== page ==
• Novel insights: New experiences, emotions, revelations, and connections that were not previously known or understood. 
  • Timelessness: The experience feels as though it is taking place outside of time, or time becomes highly distorted, typically lengthened.
  • Ineffability: The experience is difficult or impossible to adequately describe in words. Linear language does not seem to describe the fullness of the experience. 
  • Ego dissolution: The dissipation of the sense of being an isolated, separate self. 
  • 3rd person perspective: A sense of looking back at yourself or your psyche from a detached, observational position. This perspective helps induce novel insights, emotions, or understandings about oneself.
  • Higher-order reality: A sense of seeing a “true” reality or a higher order reality than what is commonly available in ordinary consciousness. 

These are the elements that help us define a psychedelic experience and make them so fundamentally powerful in a mental health context. Many opposers of ketamine as a psychedelic will point to specific physiological differences between ketamine and “classic” psychedelics, but we think that looking at these hallmarks helps to better identify what is important about a psychedelic experience.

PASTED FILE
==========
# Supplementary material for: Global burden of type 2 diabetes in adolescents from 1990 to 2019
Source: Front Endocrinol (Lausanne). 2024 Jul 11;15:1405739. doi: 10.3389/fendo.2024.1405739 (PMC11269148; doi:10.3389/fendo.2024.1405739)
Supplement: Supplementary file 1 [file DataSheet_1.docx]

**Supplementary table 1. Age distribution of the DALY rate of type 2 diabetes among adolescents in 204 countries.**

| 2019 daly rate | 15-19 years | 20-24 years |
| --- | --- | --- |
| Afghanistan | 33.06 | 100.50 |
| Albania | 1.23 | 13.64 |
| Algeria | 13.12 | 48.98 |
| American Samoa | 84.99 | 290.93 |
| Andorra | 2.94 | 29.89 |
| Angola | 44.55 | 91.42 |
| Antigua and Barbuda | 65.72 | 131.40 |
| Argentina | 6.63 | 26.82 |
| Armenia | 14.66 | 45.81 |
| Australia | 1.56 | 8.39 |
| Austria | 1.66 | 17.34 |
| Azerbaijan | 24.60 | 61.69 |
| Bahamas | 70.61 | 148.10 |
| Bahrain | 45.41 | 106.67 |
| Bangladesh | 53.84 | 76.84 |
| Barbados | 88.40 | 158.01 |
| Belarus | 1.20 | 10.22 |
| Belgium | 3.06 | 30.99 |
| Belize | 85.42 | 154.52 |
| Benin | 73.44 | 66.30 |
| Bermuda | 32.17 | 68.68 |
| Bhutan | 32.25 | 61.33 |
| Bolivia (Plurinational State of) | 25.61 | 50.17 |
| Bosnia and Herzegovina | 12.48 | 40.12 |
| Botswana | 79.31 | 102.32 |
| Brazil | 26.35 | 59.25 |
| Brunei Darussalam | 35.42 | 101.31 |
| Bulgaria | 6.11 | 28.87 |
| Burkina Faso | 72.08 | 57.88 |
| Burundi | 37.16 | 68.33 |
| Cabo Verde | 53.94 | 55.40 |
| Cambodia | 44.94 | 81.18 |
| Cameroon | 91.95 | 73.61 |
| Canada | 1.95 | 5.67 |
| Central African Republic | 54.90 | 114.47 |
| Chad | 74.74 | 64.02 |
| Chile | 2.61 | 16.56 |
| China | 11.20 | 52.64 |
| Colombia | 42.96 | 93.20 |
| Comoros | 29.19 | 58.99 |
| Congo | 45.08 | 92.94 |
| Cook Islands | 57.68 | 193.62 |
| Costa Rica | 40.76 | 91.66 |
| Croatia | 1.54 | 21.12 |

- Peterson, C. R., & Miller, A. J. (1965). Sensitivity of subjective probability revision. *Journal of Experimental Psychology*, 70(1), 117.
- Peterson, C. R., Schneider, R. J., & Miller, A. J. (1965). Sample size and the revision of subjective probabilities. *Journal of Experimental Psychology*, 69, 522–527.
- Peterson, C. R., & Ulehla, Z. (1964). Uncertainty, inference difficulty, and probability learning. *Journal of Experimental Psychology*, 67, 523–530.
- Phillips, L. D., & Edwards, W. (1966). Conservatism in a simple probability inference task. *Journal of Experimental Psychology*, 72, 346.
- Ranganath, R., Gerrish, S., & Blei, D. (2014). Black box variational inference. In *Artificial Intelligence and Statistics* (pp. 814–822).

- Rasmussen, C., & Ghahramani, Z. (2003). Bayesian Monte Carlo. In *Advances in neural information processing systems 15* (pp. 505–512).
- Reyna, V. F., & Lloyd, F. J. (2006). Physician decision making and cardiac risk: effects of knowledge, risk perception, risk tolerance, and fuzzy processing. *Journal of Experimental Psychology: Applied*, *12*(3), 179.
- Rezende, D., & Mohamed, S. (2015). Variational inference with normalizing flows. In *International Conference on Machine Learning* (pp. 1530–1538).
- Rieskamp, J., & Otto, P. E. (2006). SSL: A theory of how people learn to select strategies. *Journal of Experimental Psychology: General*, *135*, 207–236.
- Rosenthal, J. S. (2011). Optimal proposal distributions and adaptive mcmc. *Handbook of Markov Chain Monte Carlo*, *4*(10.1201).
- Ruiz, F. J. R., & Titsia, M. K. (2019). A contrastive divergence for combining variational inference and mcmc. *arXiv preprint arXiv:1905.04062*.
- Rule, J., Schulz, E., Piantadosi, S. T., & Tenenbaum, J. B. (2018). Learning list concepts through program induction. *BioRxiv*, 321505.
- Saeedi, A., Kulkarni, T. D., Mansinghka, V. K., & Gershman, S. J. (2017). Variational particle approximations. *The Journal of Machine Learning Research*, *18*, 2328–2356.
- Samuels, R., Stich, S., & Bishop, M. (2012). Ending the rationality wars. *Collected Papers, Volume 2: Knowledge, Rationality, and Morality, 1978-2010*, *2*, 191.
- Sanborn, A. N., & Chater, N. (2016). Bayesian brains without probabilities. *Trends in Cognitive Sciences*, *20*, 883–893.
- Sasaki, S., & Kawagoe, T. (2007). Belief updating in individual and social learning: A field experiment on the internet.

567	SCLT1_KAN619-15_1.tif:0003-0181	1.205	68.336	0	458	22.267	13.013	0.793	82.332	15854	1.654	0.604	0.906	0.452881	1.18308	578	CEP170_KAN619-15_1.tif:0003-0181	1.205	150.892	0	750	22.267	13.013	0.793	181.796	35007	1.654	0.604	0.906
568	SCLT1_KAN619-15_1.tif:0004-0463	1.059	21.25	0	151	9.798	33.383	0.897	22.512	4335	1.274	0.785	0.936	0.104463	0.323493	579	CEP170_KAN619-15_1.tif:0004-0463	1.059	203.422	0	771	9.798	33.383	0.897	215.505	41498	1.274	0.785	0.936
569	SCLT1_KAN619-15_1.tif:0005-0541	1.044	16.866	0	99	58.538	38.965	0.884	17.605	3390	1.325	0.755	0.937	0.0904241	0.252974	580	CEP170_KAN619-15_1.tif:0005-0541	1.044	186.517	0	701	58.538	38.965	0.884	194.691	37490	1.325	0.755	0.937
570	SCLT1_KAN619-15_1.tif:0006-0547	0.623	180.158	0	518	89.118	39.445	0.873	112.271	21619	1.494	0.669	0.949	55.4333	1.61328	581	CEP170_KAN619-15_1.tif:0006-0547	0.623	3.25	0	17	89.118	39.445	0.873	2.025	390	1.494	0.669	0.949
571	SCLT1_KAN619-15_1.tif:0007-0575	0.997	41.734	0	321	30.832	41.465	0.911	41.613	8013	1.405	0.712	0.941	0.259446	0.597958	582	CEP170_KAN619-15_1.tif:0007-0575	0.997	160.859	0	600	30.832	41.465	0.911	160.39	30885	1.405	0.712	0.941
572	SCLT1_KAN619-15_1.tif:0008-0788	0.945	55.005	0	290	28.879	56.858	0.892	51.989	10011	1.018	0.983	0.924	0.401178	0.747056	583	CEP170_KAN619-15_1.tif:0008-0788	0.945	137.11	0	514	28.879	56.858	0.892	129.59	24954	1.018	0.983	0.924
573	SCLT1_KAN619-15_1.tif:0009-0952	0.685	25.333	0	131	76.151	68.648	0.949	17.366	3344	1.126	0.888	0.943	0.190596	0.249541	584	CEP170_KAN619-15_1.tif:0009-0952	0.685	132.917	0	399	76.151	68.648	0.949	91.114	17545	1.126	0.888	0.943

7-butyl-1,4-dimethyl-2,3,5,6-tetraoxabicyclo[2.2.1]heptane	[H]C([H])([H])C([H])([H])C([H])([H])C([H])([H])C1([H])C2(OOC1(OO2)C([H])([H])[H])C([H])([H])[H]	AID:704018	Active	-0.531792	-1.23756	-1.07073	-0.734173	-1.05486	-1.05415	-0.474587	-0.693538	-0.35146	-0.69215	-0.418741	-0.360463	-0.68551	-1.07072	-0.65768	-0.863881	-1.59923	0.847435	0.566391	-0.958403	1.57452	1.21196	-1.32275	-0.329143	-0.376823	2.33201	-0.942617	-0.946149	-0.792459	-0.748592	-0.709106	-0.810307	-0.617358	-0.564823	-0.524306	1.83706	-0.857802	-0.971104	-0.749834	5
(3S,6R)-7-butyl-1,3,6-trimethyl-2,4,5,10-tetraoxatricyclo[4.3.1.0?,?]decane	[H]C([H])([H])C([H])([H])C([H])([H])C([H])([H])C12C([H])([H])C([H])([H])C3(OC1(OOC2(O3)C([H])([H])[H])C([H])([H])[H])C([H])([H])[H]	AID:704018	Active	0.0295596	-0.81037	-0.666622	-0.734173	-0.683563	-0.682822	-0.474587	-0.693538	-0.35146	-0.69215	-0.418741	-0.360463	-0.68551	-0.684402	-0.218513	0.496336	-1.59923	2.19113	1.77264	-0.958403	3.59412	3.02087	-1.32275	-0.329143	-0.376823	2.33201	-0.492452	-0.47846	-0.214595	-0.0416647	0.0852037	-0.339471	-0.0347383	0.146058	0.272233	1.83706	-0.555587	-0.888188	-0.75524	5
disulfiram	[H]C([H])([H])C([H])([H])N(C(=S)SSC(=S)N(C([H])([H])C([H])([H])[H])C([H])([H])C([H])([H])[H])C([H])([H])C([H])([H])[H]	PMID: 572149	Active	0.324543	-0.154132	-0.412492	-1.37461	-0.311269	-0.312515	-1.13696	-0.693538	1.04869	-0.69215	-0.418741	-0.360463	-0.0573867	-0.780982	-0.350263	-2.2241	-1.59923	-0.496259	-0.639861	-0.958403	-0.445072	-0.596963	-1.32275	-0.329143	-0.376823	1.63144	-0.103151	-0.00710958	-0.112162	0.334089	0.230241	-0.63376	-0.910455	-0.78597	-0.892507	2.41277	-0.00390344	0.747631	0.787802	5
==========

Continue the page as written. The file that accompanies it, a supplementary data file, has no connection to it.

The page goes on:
Ketamine as a Psychedelic

Ketamine treatment reliably and effectively produces many or all of the classic indicators of a psychedelic experience within a single session. Individuals commonly report a distorted sense of time, find their experiences difficult to describe, feel detached from their self (dissociation), and feel as if they were able to access a new, yet familiar, space with novel realizations and information. 

Ketamine also has neurobiological similarities with other psychedelics like psilocybin and LSD. They aren’t exactly the same, however. The mechanism of action for LSD and psilocybin mainly lies in the serotonin system, acting on 5HT2A and other receptors. 

Ketamine’s effects on the brain focus on an entirely different system of neurotransmitters: the glutamate system. More specifically, ketamine is an NMDA-receptor antagonist, which leads to a surge of glutamate in the brain (note that glutamate is the most abundant excitatory neurotransmitter in the brain). Many who argue against ketamine as a psychedelic quote this reason. However, while ketamine may have a different mechanism of action within the brain, the neurological outcomes are still similar. More specifically, recent research from Johns Hopkins University has given us an updated classification system for psychedelics.